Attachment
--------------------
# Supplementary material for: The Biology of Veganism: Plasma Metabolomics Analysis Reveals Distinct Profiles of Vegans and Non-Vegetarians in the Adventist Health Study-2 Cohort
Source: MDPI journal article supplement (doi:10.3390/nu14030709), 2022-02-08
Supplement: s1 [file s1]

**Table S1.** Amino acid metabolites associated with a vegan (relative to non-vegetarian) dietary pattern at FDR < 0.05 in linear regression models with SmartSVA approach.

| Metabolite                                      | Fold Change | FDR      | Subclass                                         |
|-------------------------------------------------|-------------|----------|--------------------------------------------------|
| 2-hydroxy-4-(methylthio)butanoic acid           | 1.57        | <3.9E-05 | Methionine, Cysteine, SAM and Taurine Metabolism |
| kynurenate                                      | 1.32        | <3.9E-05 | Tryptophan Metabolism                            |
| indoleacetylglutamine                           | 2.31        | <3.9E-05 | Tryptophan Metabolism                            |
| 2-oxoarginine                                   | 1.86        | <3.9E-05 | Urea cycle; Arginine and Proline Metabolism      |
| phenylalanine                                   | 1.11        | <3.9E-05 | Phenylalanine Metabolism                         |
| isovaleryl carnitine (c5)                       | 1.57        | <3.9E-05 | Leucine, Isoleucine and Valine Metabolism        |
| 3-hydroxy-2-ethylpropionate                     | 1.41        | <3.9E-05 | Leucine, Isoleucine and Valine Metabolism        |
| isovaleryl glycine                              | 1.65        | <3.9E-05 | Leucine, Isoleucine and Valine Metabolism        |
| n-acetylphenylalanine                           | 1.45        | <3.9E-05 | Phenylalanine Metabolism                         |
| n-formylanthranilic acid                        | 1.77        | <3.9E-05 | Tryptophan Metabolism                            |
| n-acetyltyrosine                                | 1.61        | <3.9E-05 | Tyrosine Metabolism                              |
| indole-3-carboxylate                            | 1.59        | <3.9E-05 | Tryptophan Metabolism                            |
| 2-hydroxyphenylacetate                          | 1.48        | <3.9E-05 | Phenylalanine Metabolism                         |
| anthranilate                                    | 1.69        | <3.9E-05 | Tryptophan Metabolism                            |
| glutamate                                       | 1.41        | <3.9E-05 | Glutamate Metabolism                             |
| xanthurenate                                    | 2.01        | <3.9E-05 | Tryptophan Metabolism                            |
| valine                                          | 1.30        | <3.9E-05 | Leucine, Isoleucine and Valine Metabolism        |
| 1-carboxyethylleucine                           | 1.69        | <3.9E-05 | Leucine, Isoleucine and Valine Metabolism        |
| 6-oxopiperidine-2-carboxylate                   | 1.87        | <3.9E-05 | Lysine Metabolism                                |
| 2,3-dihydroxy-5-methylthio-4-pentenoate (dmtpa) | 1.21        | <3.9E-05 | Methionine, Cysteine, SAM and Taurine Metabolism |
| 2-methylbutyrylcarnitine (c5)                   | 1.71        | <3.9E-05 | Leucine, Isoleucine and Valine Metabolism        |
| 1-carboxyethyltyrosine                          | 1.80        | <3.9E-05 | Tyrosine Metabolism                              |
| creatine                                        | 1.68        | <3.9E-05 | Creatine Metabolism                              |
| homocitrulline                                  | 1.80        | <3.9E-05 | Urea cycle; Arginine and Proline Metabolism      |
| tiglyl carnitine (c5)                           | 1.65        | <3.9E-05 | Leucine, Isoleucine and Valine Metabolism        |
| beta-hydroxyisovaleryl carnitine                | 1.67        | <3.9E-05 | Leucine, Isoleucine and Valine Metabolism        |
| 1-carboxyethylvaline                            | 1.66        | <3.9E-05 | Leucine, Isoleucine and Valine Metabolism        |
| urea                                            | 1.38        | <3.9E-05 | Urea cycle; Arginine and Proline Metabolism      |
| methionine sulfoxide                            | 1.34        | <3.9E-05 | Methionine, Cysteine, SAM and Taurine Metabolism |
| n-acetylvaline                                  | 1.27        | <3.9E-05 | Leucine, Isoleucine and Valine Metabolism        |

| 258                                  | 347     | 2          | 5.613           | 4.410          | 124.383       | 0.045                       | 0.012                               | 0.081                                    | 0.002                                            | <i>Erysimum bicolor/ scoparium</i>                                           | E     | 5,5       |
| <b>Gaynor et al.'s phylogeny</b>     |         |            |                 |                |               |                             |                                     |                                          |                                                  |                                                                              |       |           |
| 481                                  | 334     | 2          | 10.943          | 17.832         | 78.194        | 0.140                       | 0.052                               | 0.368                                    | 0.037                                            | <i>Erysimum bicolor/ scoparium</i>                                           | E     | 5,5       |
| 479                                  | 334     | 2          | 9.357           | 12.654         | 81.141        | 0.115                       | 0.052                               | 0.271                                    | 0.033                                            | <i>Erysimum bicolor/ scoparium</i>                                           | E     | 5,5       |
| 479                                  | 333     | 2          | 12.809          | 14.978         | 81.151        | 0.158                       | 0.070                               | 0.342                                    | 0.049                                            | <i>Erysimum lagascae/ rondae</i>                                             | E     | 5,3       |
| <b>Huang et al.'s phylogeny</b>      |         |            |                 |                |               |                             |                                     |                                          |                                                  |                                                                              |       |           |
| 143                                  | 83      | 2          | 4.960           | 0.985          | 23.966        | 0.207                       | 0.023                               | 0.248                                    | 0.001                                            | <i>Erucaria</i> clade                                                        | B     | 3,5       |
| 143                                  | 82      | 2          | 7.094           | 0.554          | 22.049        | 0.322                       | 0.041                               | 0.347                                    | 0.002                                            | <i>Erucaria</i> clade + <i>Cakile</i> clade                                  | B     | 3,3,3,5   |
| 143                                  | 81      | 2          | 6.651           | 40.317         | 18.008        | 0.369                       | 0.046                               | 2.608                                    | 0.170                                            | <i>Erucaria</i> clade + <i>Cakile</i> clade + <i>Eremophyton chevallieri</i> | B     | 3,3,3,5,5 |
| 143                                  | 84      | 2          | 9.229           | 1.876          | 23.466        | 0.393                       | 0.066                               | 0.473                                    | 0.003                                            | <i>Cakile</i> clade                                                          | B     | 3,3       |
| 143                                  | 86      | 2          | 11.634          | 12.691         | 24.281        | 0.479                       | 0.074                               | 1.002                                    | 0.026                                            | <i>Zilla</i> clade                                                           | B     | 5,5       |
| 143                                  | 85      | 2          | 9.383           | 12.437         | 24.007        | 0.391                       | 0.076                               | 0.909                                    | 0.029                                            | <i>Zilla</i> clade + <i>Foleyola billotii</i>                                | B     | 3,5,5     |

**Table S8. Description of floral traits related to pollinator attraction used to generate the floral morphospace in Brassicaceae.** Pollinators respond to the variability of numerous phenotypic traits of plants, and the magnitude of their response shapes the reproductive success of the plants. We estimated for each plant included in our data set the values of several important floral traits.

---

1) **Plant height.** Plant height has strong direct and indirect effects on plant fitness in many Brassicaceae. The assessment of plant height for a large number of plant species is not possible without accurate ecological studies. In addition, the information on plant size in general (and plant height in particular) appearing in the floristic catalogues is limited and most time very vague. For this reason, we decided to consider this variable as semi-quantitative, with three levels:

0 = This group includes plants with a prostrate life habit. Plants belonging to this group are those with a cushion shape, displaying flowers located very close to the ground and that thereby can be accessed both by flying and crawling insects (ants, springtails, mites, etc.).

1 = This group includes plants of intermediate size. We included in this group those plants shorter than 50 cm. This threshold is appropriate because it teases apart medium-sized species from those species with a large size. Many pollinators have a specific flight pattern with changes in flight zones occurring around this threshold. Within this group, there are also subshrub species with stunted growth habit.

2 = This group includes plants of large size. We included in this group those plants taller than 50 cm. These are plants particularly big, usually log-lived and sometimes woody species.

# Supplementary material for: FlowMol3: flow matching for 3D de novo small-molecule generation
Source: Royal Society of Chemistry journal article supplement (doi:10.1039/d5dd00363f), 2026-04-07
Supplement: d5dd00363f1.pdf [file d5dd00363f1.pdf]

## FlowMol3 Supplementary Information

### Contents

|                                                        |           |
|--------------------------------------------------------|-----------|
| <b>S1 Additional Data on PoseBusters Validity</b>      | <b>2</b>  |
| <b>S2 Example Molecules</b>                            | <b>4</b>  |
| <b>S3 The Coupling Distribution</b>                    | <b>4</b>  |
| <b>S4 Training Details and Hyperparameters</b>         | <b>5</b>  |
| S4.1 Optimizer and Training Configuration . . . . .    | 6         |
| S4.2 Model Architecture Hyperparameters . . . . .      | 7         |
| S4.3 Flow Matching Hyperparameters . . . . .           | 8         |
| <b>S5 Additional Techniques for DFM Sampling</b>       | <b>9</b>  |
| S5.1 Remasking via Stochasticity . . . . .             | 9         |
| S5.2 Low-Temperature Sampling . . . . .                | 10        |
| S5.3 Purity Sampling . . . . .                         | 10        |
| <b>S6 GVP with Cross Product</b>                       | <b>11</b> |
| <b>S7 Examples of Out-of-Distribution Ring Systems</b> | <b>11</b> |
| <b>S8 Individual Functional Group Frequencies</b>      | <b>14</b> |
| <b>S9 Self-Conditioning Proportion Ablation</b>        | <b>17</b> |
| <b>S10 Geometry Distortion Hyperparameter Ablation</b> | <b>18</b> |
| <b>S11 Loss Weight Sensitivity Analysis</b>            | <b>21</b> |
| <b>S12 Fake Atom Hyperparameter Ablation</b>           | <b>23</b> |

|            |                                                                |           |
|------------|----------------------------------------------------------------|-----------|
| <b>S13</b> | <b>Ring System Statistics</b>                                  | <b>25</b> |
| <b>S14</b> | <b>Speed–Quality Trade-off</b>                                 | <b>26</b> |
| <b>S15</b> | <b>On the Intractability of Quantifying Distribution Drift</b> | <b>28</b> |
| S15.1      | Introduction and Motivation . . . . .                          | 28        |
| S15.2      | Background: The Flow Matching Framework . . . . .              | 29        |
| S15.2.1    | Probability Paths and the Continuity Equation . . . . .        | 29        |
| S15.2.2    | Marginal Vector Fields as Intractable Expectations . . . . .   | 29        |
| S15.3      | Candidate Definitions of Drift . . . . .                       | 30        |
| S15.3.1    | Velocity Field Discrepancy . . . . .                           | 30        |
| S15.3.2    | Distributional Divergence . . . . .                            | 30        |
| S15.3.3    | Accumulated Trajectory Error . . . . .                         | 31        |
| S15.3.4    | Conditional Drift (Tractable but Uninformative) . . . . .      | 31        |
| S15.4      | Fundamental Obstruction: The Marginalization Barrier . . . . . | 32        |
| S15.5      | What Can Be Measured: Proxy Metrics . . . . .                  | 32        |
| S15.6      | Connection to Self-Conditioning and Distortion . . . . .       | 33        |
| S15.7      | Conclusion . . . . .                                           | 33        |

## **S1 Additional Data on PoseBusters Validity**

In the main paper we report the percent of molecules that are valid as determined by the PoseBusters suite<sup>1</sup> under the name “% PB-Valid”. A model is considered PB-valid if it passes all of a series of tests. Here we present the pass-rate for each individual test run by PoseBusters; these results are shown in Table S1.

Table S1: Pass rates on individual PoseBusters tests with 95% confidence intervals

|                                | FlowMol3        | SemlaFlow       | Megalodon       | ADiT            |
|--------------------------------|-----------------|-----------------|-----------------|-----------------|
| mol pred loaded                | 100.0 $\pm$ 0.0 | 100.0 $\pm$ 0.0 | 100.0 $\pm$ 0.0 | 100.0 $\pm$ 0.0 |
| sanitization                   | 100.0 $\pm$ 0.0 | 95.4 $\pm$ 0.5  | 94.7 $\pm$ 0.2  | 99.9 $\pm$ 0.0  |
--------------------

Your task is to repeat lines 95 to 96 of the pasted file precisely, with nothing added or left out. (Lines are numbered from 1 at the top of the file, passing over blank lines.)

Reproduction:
| S15.5      | What Can Be Measured: Proxy Metrics . . . . .                  | 32        |
| S15.6      | Connection to Self-Conditioning and Distortion . . . . .       | 33        |